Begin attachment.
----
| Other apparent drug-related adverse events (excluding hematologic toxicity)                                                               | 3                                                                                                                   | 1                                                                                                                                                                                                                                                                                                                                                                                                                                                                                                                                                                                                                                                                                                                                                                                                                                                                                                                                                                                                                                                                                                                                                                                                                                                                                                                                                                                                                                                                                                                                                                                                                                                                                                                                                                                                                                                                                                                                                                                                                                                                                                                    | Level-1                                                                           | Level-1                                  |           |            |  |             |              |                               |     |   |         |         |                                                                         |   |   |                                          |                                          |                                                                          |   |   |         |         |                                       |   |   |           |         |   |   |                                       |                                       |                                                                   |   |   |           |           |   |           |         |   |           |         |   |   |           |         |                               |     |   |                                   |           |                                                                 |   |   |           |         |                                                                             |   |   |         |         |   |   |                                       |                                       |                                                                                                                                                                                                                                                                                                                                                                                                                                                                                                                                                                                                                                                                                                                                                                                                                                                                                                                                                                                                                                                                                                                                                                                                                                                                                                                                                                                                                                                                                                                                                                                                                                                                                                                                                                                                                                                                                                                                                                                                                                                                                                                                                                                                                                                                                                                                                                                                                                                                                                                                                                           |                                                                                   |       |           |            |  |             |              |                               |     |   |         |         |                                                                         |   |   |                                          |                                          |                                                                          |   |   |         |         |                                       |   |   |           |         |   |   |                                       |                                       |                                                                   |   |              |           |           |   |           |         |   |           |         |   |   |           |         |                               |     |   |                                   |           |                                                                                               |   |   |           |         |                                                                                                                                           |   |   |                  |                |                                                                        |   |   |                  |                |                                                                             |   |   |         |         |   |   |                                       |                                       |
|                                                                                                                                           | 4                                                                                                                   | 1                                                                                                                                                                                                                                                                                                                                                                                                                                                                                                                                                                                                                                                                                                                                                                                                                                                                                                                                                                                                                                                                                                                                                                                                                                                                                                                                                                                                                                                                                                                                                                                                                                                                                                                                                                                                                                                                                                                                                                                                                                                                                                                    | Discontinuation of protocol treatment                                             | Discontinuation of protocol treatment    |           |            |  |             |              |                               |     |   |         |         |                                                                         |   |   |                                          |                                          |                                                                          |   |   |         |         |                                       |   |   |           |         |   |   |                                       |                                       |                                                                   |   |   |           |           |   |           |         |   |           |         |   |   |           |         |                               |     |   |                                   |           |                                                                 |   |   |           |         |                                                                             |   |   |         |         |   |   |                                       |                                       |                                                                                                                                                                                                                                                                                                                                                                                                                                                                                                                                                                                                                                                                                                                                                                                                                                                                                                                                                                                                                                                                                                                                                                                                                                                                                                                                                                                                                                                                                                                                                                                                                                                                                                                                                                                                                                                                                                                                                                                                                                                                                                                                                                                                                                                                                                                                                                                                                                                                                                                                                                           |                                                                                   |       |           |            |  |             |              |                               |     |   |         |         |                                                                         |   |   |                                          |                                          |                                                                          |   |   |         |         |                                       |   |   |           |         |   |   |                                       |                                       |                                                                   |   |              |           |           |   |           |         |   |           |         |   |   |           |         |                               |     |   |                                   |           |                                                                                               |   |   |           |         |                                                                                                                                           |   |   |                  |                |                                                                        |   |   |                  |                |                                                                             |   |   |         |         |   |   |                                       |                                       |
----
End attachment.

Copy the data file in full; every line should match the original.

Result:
| Other apparent drug-related adverse events (excluding hematologic toxicity)                                                               | 3                                                                                                                   | 1                                                                                                                                                                                                                                                                                                                                                                                                                                                                                                                                                                                                                                                                                                                                                                                                                                                                                                                                                                                                                                                                                                                                                                                                                                                                                                                                                                                                                                                                                                                                                                                                                                                                                                                                                                                                                                                                                                                                                                                                                                                                                                                    | Level-1                                                                           | Level-1                                  |           |            |  |             |              |                               |     |   |         |         |                                                                         |   |   |                                          |                                          |                                                                          |   |   |         |         |                                       |   |   |           |         |   |   |                                       |                                       |                                                                   |   |   |           |           |   |           |         |   |           |         |   |   |           |         |                               |     |   |                                   |           |                                                                 |   |   |           |         |                                                                             |   |   |         |         |   |   |                                       |                                       |                                                                                                                                                                                                                                                                                                                                                                                                                                                                                                                                                                                                                                                                                                                                                                                                                                                                                                                                                                                                                                                                                                                                                                                                                                                                                                                                                                                                                                                                                                                                                                                                                                                                                                                                                                                                                                                                                                                                                                                                                                                                                                                                                                                                                                                                                                                                                                                                                                                                                                                                                                           |                                                                                   |       |           |            |  |             |              |                               |     |   |         |         |                                                                         |   |   |                                          |                                          |                                                                          |   |   |         |         |                                       |   |   |           |         |   |   |                                       |                                       |                                                                   |   |              |           |           |   |           |         |   |           |         |   |   |           |         |                               |     |   |                                   |           |                                                                                               |   |   |           |         |                                                                                                                                           |   |   |                  |                |                                                                        |   |   |                  |                |                                                                             |   |   |         |         |   |   |                                       |                                       |
|                                                                                                                                           | 4                                                                                                                   | 1                                                                                                                                                                                                                                                                                                                                                                                                                                                                                                                                                                                                                                                                                                                                                                                                                                                                                                                                                                                                                                                                                                                                                                                                                                                                                                                                                                                                                                                                                                                                                                                                                                                                                                                                                                                                                                                                                                                                                                                                                                                                                                                    | Discontinuation of protocol treatment                                             | Discontinuation of protocol treatment    |           |            |  |             |              |                               |     |   |         |         |                                                                         |   |   |                                          |                                          |                                                                          |   |   |         |         |                                       |   |   |           |         |   |   |                                       |                                       |                                                                   |   |   |           |           |   |           |         |   |           |         |   |   |           |         |                               |     |   |                                   |           |                                                                 |   |   |           |         |                                                                             |   |   |         |         |   |   |                                       |                                       |                                                                                                                                                                                                                                                                                                                                                                                                                                                                                                                                                                                                                                                                                                                                                                                                                                                                                                                                                                                                                                                                                                                                                                                                                                                                                                                                                                                                                                                                                                                                                                                                                                                                                                                                                                                                                                                                                                                                                                                                                                                                                                                                                                                                                                                                                                                                                                                                                                                                                                                                                                           |                                                                                   |       |           |            |  |             |              |                               |     |   |         |         |                                                                         |   |   |                                          |                                          |                                                                          |   |   |         |         |                                       |   |   |           |         |   |   |                                       |                                       |                                                                   |   |              |           |           |   |           |         |   |           |         |   |   |           |         |                               |     |   |                                   |           |                                                                                               |   |   |           |         |                                                                                                                                           |   |   |                  |                |                                                                        |   |   |                  |                |                                                                             |   |   |         |         |   |   |                                       |                                       |